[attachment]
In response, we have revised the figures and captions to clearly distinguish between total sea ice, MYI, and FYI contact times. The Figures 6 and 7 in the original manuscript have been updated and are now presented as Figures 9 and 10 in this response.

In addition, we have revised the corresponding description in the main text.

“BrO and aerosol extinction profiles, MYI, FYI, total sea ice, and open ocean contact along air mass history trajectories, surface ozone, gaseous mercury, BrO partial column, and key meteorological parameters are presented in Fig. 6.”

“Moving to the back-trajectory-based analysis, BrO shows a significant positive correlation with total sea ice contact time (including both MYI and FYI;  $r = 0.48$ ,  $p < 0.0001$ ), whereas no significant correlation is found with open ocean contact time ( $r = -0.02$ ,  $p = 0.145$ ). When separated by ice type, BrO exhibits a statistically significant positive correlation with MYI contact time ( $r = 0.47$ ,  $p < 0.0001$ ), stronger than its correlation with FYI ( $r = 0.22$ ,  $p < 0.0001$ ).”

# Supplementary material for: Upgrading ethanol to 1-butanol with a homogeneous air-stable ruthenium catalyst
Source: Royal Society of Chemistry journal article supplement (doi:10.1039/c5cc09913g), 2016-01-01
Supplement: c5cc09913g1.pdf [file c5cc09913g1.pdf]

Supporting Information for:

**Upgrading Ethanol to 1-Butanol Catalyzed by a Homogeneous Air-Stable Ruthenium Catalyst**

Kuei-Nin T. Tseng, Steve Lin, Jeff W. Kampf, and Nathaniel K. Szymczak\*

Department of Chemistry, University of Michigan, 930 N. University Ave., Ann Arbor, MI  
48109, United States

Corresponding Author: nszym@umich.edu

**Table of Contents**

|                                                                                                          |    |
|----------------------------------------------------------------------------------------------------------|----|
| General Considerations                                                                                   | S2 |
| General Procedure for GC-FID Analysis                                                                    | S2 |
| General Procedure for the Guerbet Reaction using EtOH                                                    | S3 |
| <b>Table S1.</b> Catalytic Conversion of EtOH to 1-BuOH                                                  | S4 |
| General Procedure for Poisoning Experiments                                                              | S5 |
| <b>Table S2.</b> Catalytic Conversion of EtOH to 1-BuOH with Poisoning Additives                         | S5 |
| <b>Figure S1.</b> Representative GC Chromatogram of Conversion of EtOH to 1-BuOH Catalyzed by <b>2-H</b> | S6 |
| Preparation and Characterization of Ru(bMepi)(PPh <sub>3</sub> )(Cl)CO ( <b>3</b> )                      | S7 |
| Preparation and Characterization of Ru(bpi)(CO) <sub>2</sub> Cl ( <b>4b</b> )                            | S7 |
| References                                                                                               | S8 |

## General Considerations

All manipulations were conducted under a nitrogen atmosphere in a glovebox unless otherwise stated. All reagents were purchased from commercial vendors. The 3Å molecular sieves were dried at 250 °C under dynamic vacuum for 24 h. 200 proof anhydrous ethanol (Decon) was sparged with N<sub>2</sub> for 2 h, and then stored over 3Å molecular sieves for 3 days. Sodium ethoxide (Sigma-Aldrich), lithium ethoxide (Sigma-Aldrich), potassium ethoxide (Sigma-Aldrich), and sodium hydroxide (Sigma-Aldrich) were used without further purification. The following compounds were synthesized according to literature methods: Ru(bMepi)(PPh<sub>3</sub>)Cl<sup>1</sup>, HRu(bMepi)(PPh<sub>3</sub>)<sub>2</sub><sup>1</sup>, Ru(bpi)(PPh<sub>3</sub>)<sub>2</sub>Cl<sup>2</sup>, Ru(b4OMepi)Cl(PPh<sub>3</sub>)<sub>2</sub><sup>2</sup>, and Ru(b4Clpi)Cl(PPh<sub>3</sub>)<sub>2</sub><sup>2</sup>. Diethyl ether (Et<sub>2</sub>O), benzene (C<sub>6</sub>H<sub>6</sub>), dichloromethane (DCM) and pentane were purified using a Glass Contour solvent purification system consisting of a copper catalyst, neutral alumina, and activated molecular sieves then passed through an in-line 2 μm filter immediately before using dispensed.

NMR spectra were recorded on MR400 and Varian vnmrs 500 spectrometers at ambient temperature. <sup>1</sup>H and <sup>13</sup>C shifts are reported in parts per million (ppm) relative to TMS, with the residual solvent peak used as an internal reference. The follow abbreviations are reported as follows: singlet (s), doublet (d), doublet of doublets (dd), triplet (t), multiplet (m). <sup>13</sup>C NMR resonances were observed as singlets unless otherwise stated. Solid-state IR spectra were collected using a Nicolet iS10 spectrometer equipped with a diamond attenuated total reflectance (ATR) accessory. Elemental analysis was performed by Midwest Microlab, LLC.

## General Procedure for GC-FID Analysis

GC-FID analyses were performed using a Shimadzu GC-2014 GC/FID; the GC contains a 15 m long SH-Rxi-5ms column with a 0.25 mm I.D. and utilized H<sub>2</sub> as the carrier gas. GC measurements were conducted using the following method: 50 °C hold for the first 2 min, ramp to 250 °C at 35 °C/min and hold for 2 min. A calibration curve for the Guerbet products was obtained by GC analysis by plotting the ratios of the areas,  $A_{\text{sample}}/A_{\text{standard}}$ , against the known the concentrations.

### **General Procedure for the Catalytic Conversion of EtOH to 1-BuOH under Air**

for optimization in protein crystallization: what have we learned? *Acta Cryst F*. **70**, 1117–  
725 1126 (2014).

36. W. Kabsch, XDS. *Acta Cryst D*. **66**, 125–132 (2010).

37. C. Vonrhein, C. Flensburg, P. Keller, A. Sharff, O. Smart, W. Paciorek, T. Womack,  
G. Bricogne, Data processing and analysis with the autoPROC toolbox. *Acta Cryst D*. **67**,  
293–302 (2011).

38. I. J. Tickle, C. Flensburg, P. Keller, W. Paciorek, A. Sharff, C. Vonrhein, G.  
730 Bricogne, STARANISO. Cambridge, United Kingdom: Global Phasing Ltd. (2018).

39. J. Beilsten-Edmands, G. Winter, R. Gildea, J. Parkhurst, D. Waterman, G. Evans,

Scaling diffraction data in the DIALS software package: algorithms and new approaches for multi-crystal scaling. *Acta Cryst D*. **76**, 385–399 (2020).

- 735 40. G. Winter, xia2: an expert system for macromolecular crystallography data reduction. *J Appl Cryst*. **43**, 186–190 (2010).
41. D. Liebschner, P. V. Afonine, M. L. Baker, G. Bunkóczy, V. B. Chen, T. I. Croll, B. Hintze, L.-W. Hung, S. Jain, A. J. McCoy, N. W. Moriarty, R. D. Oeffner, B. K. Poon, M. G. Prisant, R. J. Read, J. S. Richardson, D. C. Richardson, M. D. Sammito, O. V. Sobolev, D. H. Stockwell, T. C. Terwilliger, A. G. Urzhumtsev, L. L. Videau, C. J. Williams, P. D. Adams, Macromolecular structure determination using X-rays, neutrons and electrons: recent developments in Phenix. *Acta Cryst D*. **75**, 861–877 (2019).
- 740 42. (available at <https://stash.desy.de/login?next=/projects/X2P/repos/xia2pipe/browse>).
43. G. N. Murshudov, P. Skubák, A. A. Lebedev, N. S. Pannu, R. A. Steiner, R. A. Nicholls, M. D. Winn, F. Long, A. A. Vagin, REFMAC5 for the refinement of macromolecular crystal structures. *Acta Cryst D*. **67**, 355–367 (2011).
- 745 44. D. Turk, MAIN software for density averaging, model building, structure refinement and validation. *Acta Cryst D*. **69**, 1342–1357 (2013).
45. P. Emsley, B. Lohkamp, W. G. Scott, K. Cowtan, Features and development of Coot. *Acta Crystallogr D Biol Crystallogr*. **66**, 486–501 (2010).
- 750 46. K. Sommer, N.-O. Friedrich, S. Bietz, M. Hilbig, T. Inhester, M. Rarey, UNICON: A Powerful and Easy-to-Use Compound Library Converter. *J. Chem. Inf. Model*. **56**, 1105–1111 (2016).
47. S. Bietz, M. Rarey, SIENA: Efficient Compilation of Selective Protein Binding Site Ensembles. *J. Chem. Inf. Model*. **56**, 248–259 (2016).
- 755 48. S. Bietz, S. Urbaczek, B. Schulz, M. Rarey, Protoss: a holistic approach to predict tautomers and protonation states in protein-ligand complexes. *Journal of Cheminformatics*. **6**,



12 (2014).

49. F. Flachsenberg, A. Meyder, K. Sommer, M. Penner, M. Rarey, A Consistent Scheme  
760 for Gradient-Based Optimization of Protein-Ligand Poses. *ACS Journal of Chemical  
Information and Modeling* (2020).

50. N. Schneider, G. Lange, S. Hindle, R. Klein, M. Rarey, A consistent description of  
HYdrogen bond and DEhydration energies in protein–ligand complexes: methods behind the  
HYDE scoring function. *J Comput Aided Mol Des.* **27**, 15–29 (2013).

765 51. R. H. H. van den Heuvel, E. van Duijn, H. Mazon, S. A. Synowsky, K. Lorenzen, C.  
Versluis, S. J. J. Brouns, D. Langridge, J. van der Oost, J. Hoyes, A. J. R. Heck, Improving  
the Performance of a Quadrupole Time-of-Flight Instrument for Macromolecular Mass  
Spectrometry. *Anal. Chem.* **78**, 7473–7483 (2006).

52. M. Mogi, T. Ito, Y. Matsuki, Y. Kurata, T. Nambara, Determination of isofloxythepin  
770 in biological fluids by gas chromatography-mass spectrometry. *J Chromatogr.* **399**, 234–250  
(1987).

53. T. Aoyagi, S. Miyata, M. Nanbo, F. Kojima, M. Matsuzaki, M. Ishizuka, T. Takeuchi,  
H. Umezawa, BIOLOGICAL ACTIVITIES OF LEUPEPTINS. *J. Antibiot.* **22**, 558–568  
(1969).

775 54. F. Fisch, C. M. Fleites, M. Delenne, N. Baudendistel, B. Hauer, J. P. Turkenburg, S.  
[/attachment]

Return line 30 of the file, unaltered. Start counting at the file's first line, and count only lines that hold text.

## General Procedure for GC-FID Analysis